In general, in virtue of the principle that, as we expressed it before, substance is implicitly and in itself subject, all content makes its reflection into itself in its own special way. The subsistence or substance of anything that exists is its self-identity; for its want of identity, or oneness with itself, would be its dissolution. But self-identity is pure abstraction; and this is just thinking. When I say Quality, I state simple determinateness; by means of its quality one existence is distinguished from another or is an “existence”; it is for itself, something on its own account, or subsists with itself because of this simple characteristic. But by doing so it is essentially Thought.

Here we find contained the principle that Being is Thought: here is exercised that insight which usually tends to deviate from the ordinary non-conceptual way of speaking of the identity of thought and being. In virtue, further, of the fact that subsistence on the part of what exists is self-identity or pure abstraction, it is the abstraction of itself from itself, in other words, is itself its own want of identity with itself and dissolution — its own proper inwardness and retraction into self — its process of becoming.

Owing, to the nature which being thus has, and so far as what is has this nature from the point of view of knowledge, this thinking is not an activity which treats the content as something alien and external; it is not reflection into self away from the content. Science is not that kind of Idealism which stepped into the place of the Dogmatism of mere assertion and took the shape of a Dogmatism of mere assurance, the Dogmatism of mere self-certainty. Rather, since knowledge sees the content go back into its own proper inner nature, the activity of knowledge is absorbed in that content — for it (the activity) is the immanent self of the content — and is also at the same time returned into itself, for this activity is pure self-identity in otherness. In this way the knowing activity is the artful device which, while seeming to refrain from activity, looks on and watches how specific determinateness with its concrete life, just where it believes it is working out its own self-preservation and its own private interest, is, in point of fact, doing the very opposite, is doing what brings about its own dissolution and makes itself a moment in the whole.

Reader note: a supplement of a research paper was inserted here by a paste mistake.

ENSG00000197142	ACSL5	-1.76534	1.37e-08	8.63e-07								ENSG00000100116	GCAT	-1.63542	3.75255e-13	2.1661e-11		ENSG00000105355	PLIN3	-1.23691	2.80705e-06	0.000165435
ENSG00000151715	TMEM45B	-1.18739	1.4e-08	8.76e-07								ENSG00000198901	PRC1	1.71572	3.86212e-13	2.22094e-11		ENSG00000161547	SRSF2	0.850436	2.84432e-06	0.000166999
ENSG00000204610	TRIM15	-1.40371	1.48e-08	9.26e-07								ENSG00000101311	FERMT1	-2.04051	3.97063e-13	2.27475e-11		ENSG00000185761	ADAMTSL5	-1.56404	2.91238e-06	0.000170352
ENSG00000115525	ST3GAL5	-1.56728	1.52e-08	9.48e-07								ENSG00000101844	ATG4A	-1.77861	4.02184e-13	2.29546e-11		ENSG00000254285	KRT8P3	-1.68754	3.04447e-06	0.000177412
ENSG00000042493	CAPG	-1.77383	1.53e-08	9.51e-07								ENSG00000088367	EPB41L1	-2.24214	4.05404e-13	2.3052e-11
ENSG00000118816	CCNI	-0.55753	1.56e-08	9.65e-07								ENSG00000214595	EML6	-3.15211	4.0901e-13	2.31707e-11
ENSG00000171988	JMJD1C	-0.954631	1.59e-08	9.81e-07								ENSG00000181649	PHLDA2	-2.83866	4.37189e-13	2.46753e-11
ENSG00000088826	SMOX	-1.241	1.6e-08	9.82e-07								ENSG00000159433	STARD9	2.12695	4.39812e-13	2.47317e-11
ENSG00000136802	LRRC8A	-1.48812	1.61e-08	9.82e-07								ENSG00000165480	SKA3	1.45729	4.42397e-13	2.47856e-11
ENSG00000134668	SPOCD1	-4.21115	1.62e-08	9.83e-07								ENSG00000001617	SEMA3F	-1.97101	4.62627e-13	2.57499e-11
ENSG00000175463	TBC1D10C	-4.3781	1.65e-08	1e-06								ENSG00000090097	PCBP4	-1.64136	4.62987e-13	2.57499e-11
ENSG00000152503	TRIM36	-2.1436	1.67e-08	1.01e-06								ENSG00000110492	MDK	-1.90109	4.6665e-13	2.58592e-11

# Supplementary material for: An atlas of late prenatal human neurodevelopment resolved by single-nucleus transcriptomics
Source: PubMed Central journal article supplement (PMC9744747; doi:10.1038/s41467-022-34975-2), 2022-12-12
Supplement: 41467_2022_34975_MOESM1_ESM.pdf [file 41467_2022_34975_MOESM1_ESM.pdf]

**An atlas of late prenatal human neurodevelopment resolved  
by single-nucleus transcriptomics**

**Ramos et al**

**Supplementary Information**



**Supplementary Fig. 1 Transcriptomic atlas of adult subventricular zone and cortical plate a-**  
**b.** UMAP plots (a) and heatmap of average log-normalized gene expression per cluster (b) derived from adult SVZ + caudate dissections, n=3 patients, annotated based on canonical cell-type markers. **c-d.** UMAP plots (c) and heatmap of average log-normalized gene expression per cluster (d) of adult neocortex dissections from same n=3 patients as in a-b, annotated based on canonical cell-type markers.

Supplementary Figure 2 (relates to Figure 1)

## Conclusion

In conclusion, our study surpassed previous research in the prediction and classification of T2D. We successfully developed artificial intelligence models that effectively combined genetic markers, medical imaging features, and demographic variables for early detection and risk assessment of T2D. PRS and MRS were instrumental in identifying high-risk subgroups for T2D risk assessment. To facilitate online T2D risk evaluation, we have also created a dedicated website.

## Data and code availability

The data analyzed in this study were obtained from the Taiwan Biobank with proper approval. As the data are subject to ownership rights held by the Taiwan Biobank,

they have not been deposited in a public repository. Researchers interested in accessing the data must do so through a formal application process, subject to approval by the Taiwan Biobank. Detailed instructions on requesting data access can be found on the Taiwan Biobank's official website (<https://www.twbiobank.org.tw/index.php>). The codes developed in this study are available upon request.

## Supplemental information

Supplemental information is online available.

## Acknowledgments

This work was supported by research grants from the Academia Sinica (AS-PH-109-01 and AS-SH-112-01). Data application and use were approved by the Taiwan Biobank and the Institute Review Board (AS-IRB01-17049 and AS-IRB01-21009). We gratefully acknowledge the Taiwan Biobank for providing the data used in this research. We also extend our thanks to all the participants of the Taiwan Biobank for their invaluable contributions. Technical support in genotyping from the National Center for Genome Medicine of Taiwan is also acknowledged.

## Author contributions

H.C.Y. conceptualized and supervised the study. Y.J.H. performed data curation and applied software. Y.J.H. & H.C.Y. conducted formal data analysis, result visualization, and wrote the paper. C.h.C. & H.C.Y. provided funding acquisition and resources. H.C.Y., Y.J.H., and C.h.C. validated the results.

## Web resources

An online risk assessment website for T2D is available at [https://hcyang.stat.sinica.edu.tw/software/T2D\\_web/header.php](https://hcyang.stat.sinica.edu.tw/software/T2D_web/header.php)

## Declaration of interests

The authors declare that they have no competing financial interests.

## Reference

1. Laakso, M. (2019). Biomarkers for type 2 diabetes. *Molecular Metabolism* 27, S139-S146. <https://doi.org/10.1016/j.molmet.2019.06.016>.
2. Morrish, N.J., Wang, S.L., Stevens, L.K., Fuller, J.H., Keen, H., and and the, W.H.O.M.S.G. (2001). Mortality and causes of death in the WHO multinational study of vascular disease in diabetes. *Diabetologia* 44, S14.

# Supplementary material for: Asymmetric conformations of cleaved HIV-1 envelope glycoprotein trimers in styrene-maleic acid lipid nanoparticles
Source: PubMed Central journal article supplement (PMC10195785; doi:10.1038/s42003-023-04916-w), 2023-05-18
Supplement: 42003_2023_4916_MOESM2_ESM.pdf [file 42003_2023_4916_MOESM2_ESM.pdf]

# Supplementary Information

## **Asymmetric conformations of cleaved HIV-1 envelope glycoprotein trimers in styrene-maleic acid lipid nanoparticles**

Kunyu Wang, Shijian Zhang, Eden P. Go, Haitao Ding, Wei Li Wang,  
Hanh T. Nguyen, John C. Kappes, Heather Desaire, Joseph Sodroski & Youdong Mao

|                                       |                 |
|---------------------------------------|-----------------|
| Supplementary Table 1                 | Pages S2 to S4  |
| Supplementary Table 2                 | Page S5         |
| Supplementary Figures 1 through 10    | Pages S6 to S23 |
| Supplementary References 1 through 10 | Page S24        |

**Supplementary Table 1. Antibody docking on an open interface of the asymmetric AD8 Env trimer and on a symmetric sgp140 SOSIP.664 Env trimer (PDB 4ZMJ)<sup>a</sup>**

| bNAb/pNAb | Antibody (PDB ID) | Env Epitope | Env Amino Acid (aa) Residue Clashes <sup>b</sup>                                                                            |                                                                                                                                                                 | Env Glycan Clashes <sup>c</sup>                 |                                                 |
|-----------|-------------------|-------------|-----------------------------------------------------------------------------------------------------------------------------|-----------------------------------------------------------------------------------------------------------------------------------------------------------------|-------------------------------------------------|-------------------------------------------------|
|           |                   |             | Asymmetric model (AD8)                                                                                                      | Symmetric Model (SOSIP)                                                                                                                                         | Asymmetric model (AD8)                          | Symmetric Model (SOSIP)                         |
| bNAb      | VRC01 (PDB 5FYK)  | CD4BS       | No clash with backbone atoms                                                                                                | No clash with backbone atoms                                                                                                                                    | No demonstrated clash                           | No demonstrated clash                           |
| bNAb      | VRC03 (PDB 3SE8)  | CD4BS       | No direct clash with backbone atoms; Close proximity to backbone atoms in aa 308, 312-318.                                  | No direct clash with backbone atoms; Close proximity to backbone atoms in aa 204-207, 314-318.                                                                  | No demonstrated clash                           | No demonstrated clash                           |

While, in the foregoing, the significance of Understanding was stated from the point of view of the self-consciousness of substance; by what has been here stated we can see clearly its significance from the point of view of substance qua being. Existence is Quality, self-identical determinateness, or determinate simplicity, determinate thought: this is existence from the point of view of Understanding. On this account it is as Anaxagoras first thought reality to be. Those who succeeded him grasped the nature of existence in a more determinate way as determinate or specific universality, kind or species. The term species or kind seems indeed too ordinary and inadequate for Ideas, for beauty, holiness, eternal, which are the vogue in these days. As a matter of fact, however, idea means neither more nor less than kind, species. But we often find nowadays that a term which exactly designates a conception is despised and rejected, and another preferred to it which hides and obscures the conception, and thus sounds more edifying, even though this is merely due to its being expressed in a foreign language.

Precisely for the reason that existence is designated a species or kind, it is naked simple thought: simplicity, is substance. It is on account of its simplicity, its self-identity, that it appears steady, fixed, and permanent. But this self-identity is likewise negativity; hence that fixed and stable existence carries the process of its own dissolution within itself. The determinateness appears at first to be so solely through its relation to something else; and its process seems imposed and forced upon it externally. But its having its own otherness within itself, and the fact of its being a self-initiated process — these are implied in the very simplicity of thought itself. For this is self-moving thought, thought that distinguishes, is inherent inwardness, the pure notion. Thus, then, it is the very nature of understanding to be a process; and being a process it is Rationality.